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Old 03-11-2012, 04:36 PM   #1001 (permalink)
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Wow that looks good with the NWOBHM section, what I'll do is do both and that is to continue page by page and also skip to page 32 and comment on the NWOBHM at the same time.

I've just seen on page 5-6 that you're looking at similiar proggy 1980s bands to Marillion, bands such as Pendragon, IQ, Pallas and Twelfth Night. I was listening to these bands around 15 years ago and have kind of forgotten them apart from Marillion of course. What would you say were the essential 5 or 6 albums of these bands in the 1980s? As I'm thinking on re-listening to these bands but just need a selection of their best material.
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Old 03-11-2012, 08:08 PM   #1002 (permalink)
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Old 03-11-2012, 08:10 PM   #1003 (permalink)
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Old 03-11-2012, 08:13 PM   #1004 (permalink)
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Dia is muire diabh --- that's Irish for hello. As you can see from the changed graphic, the worm will not be outdone keeping things Irish for this week. Stacey-Lynn may have dyed her hair, but the worm has translated the name of his section into Irish. Probably badly. It's pronounced, for those who need to know, “On crew-iv clue-sag duh law”. Anyway, here to start things off are the Sawdoctors.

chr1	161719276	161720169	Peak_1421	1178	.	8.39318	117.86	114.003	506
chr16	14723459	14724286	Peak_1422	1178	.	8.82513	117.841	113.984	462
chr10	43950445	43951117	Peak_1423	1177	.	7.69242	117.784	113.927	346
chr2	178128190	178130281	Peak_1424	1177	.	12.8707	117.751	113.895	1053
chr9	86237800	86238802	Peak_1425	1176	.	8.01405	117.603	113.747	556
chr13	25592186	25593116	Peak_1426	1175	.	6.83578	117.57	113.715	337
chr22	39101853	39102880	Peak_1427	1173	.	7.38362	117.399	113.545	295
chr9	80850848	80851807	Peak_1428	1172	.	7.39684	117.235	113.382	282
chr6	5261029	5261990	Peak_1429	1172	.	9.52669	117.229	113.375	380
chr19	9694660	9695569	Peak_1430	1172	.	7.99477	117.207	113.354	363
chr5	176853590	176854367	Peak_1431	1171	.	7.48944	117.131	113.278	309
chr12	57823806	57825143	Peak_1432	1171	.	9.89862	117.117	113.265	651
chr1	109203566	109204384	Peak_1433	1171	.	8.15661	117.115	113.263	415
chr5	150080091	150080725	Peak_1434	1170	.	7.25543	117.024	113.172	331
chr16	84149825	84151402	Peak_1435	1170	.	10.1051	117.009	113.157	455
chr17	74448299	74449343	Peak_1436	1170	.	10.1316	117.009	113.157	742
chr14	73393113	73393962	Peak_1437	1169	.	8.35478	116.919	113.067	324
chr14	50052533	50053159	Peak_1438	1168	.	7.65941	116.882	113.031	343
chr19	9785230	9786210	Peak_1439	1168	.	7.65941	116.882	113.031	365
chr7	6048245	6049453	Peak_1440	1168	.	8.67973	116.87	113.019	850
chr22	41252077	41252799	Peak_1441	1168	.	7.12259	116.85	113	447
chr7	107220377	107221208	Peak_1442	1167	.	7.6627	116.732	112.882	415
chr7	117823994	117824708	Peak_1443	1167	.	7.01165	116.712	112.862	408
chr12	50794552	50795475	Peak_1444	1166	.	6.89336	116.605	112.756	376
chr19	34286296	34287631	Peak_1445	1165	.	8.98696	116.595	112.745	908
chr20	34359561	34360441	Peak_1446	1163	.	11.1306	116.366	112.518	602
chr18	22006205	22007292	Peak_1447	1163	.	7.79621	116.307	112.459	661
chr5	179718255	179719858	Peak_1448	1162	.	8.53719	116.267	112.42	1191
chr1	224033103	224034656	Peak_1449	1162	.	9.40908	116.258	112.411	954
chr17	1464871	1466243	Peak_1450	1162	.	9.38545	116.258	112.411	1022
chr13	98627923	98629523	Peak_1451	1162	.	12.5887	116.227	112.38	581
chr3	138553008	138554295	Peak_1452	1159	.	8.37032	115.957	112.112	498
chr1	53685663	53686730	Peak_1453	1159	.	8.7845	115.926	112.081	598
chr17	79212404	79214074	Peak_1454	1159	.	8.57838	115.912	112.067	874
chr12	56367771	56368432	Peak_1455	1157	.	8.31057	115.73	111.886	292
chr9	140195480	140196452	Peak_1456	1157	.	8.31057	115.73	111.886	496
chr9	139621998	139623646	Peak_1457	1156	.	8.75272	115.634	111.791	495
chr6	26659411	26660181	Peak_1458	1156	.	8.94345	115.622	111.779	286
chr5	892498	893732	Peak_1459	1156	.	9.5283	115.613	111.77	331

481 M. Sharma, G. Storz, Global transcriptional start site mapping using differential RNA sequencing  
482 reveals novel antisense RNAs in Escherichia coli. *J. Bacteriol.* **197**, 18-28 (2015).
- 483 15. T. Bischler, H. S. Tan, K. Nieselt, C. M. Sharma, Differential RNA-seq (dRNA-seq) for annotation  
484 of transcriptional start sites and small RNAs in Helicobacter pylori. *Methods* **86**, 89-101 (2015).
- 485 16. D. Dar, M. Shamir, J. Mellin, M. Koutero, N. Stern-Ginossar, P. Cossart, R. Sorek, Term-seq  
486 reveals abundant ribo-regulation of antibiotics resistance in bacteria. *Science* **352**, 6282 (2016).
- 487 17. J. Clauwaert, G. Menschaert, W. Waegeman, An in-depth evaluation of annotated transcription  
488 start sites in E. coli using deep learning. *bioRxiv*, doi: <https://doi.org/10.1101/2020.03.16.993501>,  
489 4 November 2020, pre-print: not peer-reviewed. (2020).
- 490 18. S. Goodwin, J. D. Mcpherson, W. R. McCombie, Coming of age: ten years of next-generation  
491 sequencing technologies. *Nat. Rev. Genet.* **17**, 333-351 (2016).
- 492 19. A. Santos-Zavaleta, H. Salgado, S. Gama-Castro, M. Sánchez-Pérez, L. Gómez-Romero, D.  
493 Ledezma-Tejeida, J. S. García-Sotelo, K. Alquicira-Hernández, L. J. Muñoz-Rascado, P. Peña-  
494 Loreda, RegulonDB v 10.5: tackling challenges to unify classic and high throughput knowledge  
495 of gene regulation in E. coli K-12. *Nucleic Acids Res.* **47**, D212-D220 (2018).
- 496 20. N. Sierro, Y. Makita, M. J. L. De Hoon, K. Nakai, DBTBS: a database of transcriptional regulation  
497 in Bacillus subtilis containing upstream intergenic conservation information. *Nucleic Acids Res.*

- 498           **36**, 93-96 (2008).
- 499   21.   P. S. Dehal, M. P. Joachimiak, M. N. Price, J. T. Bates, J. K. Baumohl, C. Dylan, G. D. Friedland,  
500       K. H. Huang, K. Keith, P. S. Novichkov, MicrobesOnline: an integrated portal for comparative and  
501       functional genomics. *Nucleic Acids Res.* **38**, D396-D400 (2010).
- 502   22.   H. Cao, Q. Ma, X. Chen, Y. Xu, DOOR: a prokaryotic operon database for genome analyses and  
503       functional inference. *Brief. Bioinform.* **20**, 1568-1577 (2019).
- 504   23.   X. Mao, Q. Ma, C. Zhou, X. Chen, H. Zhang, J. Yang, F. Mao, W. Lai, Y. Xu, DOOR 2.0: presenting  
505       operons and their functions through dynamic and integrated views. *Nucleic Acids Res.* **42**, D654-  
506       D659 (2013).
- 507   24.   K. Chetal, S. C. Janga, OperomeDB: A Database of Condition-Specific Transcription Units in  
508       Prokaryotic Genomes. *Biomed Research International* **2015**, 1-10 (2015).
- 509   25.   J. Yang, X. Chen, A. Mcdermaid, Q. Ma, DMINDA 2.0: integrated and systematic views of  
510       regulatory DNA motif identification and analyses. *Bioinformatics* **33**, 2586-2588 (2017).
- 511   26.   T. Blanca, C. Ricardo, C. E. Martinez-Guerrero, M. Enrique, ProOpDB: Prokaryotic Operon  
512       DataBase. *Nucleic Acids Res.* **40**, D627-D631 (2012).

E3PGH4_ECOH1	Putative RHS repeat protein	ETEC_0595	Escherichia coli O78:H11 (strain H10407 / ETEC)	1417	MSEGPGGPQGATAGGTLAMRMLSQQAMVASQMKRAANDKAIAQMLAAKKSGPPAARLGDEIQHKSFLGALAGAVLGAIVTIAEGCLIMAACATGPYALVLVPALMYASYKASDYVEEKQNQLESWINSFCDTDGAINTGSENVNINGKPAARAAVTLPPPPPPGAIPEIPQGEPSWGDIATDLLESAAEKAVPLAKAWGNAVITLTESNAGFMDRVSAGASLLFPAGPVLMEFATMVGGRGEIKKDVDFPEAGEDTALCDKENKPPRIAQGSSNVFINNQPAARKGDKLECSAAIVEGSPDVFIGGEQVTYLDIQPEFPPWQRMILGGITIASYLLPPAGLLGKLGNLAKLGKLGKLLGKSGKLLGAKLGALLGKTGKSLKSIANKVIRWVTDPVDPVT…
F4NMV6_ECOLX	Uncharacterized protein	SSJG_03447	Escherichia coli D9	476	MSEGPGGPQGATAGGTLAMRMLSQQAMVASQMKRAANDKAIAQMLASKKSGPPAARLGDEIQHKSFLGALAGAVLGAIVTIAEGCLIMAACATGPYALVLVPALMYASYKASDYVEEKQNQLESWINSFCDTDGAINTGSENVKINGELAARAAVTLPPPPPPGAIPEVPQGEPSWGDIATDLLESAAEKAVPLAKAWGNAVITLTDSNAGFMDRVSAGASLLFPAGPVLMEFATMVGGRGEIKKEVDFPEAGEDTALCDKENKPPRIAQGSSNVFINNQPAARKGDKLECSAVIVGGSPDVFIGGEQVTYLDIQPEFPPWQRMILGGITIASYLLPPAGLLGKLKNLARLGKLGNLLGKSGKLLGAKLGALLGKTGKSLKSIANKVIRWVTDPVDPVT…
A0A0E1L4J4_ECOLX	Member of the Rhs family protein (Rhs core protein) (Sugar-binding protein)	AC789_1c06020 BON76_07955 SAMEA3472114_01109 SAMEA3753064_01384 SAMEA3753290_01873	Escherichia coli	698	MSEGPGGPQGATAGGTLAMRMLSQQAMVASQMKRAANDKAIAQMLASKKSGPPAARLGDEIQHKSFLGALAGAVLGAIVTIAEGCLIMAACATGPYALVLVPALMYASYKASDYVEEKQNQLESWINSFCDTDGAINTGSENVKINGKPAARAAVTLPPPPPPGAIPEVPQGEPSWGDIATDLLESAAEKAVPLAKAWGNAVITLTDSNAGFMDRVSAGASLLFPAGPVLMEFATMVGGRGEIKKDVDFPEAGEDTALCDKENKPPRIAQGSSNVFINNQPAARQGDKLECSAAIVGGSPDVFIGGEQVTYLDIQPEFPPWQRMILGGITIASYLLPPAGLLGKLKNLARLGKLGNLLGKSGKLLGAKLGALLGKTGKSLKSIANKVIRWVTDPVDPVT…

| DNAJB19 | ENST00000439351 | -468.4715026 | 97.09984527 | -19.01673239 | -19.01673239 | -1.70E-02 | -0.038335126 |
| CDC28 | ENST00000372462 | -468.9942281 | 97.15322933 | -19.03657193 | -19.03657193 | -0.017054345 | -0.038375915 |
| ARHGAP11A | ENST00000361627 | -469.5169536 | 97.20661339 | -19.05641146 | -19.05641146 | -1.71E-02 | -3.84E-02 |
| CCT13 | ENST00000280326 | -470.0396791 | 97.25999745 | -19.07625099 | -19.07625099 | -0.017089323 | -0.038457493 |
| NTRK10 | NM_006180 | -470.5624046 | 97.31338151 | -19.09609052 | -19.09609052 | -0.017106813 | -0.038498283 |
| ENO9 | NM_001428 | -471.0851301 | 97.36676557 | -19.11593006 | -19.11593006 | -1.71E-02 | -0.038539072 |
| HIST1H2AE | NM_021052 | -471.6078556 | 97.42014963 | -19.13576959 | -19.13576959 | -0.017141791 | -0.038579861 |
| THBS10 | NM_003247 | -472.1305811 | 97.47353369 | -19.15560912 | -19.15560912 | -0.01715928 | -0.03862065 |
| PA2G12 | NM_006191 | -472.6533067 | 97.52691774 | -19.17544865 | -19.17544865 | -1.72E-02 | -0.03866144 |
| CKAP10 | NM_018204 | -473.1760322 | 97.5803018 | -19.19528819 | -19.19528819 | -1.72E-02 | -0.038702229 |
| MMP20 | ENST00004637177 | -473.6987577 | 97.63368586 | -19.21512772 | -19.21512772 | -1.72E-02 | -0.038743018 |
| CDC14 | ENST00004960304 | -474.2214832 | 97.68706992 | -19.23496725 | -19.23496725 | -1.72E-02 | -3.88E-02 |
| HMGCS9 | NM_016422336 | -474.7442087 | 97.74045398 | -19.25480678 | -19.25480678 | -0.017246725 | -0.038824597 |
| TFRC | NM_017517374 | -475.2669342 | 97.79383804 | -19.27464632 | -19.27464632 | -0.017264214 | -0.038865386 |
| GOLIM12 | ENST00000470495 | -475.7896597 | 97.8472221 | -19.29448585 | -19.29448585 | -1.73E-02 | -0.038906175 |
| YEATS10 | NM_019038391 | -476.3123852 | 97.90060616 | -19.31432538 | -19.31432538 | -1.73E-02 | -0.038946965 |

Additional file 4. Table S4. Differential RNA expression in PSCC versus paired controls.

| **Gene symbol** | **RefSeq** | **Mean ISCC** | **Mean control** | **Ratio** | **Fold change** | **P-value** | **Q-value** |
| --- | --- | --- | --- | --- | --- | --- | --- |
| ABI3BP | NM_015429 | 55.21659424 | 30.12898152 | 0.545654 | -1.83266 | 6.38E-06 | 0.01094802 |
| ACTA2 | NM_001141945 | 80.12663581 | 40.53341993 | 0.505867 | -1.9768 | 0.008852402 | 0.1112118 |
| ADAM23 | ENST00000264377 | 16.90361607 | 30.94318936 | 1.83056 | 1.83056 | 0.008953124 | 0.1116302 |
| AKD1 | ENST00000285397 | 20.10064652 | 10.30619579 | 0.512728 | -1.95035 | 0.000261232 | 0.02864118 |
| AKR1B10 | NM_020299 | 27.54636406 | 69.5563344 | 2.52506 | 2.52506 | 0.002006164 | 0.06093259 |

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Old 03-12-2012, 02:54 AM   #1005 (permalink)
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I think we need some songs from The Pogues!
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Old 03-12-2012, 05:20 AM   #1006 (permalink)
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Quote:
Originally Posted by Unknown Soldier View Post
Wow that looks good with the NWOBHM section, what I'll do is do both and that is to continue page by page and also skip to page 32 and comment on the NWOBHM at the same time.

I've just seen on page 5-6 that you're looking at similiar proggy 1980s bands to Marillion, bands such as Pendragon, IQ, Pallas and Twelfth Night. I was listening to these bands around 15 years ago and have kind of forgotten them apart from Marillion of course. What would you say were the essential 5 or 6 albums of these bands in the 1980s? As I'm thinking on re-listening to these bands but just need a selection of their best material.
Ok well to be honest IQ I never got into despite trying really hard. Spock's Beard I'm still working on, but getting there... Pallas the only one of theirs I have is "Arrive alive", which is great apart from the title/opening track. Twelfth Night I'd have to say "Fact and fiction" (reviewed earlier) though the live album "Live and let live" has the excellent "Sequences" on it.

Pendragon are a whole different matter. The first of their albums I listened to was "Believe", after which I went for their back catalogue, and put it on a rotating playlist, so hard to say which of their albums, other than "Believe", I would recommend, but put it this way: I have yet to hear a bad Pendragon track!